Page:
Natal and uses the profits to help animals in rural areas receive medical attention.
“Dogs are far more than
just protection,” Vilakazi says. “They have feelings too and they need to be loved.”
Having learnt to value them through Funda Nenja, he’s now passing on his knowledge
and experience to other youth.
“Improving the life of dogs makes me feel like I’m contributing to society,” Vilakazi says.
“I’ve realised that we are nothing without animals in this world.” With each trick on a
skateboard, happier days are guaranteed for these dogs.
Dudu Ramorwalo
If you contracted HIV, who would you turn to? Discovering your status is life-changing.
But disclosing it can make the situation more complex. Those who test positive still have
to brave stigma and some may even refuse treatment to avoid being victimised.
Dudu Ramorwalo initially responded to her diagnosis with disbelief. When she shared
the news with her family, their reassurance helped her adjust. But at her local clinic in
Johannesburg, Ramorwalo noted that other HIV-positive people had no support. “Most
people living with HIV were scared that they would be rejected,” she says. To ease their
fears and isolation, she founded the Asibambaneni Support Group in 2014.
Charlie Jacobs, a Mr Gay South Africa finalist, was also in denial until he realised the
pageant could be a chance to inspire others. “I started the Change the Stigma Project
after I saw the opportunity to show that ordinary people are actually living
extraordinary lives,” he says. One such person is Saidy Brown, who discovered she was
HIV-positive at the age of 14. She chose to share this in a tweet. “I could never have
imagined the reaction I have gotten simply by posting my status on Twitter,” she says.
“We live in a generation where people are more open to talking about these things.”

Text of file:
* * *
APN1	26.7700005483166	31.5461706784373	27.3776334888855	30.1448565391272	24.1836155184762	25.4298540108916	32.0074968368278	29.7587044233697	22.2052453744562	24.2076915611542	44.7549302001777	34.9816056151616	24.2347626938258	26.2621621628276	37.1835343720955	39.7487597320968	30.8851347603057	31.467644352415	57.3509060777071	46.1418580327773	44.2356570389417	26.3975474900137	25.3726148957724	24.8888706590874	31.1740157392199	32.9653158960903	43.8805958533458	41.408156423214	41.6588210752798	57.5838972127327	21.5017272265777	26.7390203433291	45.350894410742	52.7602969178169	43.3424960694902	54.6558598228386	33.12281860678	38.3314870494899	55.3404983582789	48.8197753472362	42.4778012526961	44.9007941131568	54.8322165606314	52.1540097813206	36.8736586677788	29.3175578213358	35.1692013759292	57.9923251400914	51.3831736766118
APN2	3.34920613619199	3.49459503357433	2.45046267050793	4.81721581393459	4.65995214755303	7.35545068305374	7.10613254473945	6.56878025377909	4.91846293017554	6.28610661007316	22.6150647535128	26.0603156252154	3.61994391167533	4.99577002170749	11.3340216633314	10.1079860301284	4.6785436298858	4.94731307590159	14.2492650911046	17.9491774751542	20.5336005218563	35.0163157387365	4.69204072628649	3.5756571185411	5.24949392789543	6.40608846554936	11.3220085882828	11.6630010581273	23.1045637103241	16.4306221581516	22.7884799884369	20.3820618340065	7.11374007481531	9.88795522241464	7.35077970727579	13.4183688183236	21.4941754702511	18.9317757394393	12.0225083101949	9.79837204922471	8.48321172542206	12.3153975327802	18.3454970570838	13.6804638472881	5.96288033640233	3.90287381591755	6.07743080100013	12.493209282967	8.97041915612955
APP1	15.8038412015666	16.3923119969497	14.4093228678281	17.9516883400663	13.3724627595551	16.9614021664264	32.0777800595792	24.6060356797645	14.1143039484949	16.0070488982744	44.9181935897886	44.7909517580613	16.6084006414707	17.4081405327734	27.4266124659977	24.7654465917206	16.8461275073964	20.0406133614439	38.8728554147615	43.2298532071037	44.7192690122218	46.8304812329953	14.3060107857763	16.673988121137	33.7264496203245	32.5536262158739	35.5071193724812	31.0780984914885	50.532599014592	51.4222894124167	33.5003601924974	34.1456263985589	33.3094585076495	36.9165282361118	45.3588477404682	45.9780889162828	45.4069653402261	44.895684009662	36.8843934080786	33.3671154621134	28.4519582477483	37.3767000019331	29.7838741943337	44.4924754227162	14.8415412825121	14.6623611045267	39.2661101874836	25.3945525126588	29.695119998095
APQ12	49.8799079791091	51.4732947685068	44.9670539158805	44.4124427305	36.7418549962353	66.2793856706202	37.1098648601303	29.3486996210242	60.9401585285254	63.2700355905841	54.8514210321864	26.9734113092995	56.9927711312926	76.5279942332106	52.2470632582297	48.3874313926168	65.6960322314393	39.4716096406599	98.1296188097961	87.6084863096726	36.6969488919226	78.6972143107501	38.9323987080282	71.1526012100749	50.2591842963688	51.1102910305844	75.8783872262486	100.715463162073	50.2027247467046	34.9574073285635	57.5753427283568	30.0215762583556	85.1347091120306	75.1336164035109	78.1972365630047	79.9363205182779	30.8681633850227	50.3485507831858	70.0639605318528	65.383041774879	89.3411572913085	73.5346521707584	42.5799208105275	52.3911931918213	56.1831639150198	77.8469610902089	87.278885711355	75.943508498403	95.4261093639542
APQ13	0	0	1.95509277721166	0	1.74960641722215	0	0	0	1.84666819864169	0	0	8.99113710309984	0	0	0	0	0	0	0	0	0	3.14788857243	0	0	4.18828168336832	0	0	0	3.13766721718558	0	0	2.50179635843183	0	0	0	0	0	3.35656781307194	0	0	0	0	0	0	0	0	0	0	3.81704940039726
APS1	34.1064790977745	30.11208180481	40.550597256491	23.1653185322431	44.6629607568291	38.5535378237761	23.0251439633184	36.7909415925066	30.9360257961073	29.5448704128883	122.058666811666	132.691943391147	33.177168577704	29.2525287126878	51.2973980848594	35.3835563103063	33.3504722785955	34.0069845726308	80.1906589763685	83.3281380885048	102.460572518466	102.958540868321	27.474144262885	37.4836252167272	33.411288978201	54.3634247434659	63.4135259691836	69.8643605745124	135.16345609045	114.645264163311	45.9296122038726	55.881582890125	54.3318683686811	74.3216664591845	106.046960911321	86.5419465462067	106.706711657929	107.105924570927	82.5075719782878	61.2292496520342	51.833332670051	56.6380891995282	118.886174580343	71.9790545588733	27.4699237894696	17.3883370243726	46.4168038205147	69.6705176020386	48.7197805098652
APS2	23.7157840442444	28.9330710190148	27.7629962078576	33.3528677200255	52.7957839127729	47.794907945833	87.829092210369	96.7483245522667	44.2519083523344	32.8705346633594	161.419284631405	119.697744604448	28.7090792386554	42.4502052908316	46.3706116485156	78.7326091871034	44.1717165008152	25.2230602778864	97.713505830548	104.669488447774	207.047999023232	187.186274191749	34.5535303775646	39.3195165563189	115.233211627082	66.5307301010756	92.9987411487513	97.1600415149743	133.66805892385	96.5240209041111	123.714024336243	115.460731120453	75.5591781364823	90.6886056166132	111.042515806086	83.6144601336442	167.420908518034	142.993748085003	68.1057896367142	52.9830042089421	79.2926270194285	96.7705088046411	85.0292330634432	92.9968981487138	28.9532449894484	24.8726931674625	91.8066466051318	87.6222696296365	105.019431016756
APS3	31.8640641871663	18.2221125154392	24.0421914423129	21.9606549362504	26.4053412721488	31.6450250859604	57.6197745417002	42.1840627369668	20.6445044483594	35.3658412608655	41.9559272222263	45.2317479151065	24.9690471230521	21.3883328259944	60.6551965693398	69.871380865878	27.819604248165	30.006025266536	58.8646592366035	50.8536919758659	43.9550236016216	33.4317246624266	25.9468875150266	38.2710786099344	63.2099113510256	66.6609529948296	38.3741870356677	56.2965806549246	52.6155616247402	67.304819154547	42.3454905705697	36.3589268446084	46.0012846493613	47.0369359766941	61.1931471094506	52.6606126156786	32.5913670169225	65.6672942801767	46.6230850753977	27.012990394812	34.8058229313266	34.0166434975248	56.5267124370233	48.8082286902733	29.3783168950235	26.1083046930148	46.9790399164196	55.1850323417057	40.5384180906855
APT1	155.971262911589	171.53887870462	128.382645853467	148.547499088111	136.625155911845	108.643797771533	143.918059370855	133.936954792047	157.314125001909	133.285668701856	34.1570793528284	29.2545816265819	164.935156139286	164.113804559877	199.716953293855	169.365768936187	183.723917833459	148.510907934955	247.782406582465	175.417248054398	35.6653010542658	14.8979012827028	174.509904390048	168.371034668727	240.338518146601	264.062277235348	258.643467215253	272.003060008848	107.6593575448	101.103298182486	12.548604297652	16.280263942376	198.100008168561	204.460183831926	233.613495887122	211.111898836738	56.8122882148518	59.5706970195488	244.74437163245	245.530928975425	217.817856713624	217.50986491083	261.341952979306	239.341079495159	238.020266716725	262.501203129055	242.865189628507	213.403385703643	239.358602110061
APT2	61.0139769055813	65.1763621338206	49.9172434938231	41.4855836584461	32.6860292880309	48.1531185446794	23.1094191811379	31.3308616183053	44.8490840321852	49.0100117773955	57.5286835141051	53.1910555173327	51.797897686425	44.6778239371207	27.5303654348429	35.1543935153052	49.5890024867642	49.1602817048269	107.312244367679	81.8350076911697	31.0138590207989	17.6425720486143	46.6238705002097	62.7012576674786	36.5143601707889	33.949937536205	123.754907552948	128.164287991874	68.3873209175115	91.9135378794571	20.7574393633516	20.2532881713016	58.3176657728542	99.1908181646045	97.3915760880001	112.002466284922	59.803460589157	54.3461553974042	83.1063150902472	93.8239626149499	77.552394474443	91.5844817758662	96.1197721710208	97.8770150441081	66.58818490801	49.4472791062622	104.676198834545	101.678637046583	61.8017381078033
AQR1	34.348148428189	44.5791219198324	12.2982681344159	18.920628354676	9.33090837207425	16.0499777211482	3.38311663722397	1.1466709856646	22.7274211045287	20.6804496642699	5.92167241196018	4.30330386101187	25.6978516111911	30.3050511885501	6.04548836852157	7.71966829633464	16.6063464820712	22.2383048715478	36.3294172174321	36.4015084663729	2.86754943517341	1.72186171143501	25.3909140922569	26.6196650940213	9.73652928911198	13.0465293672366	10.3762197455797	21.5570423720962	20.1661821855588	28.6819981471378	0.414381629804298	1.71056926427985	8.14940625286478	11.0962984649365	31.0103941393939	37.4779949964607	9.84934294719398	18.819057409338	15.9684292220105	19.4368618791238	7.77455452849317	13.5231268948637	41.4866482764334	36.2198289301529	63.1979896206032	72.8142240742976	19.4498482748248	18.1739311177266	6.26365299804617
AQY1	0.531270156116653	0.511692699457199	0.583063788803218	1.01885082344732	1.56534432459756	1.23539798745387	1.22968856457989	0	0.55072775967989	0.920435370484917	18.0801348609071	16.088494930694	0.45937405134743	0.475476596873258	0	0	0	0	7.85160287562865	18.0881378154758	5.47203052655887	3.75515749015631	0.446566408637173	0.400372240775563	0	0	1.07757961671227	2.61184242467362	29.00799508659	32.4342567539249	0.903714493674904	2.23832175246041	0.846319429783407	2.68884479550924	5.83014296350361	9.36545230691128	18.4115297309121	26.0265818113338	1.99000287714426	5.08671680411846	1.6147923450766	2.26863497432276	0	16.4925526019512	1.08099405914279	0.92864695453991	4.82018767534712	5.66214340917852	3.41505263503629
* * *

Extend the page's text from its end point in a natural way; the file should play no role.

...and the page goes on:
Activists such as Ramorwalo, Brown and Jacobs are changing perceptions about HIV
within the communities they’ve built. “Everyone deserves a chance in life to live without
being judged or discriminated,” Jacobs says.

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Beautiful News

25 November 2019 10:04 PM

Guests : 

Othembele Dyantyi
What are you doing for the earth in this time of crisis? Our planet is facing an
environmental emergency which authorities are doing little to halt. Many of these
disasters, such as deforestation and the burning of fossil fuels, are the result of
processes generated by major corporations. They’re issues that can be dealt with. Yet
the situation gets worse every day. Eleven-year-old Othembele Dyantyi is raising her
voice to encourage a union of action against this unprecedented climate injustice.
Dyantyi is part of Extinction Rebellion, a global socio-political movement to drive
government action to prevent the planet’s breakdown. At the forefront of the South
African resistance, Dyantyi and her army of youth activists are spreading awareness
about the causes and severity of the climate crisis. Together, they’re calling for the
protection of endangered ecological systems and challenging the government to invest
in renewable energy.
Julie Kynaston
Julie Kynaston’s children didn’t grow in her belly. She calls herself a ‘heart mama’ – a
reference to where her love for them burgeoned. When Kynaston and her husband,
Ryan, decided to start a family, they were determined to adopt. But during the process,
they encountered a distinct lack of information online. It didn’t deter Kynaston from
making the fulfilling choice. Now, she’s using her words to close the gaps and help
other South Africans.
With Heart Mama Blog, Kynaston speaks openly about the joys and difficulties of having
an adoptive family and being a parent. Here, people can share their stories of what it’s
like to adopt, or to have been adopted. Adoption, especially multi-racial adoption,
comes with a slew of challenges. Her site includes useful resources for those interested
in adopting within South Africa. As Kynaston creates a safe space to educate, she’s
changing perceptions.
For many children, adoption can be rooted in trauma or loss. Her own family is
testament to the love that comes with adoption. With her kids Ilan, Kira and Judah, they
show there’s no one way of being a family.
Moerieda Joubert
Moerieda Joubert’s mother understood the importance of connecting with people. And
what better way to do that than by sharing a meal? Even though she had Parkinson’s,
she would prepare food for the local old-age home out of her own pocket. After her
passing, Joubert has proved the apple doesn’t fall far from the tree.
Imprinted with a sense of goodwill, Joubert founded Statice Square Senior in Cape Town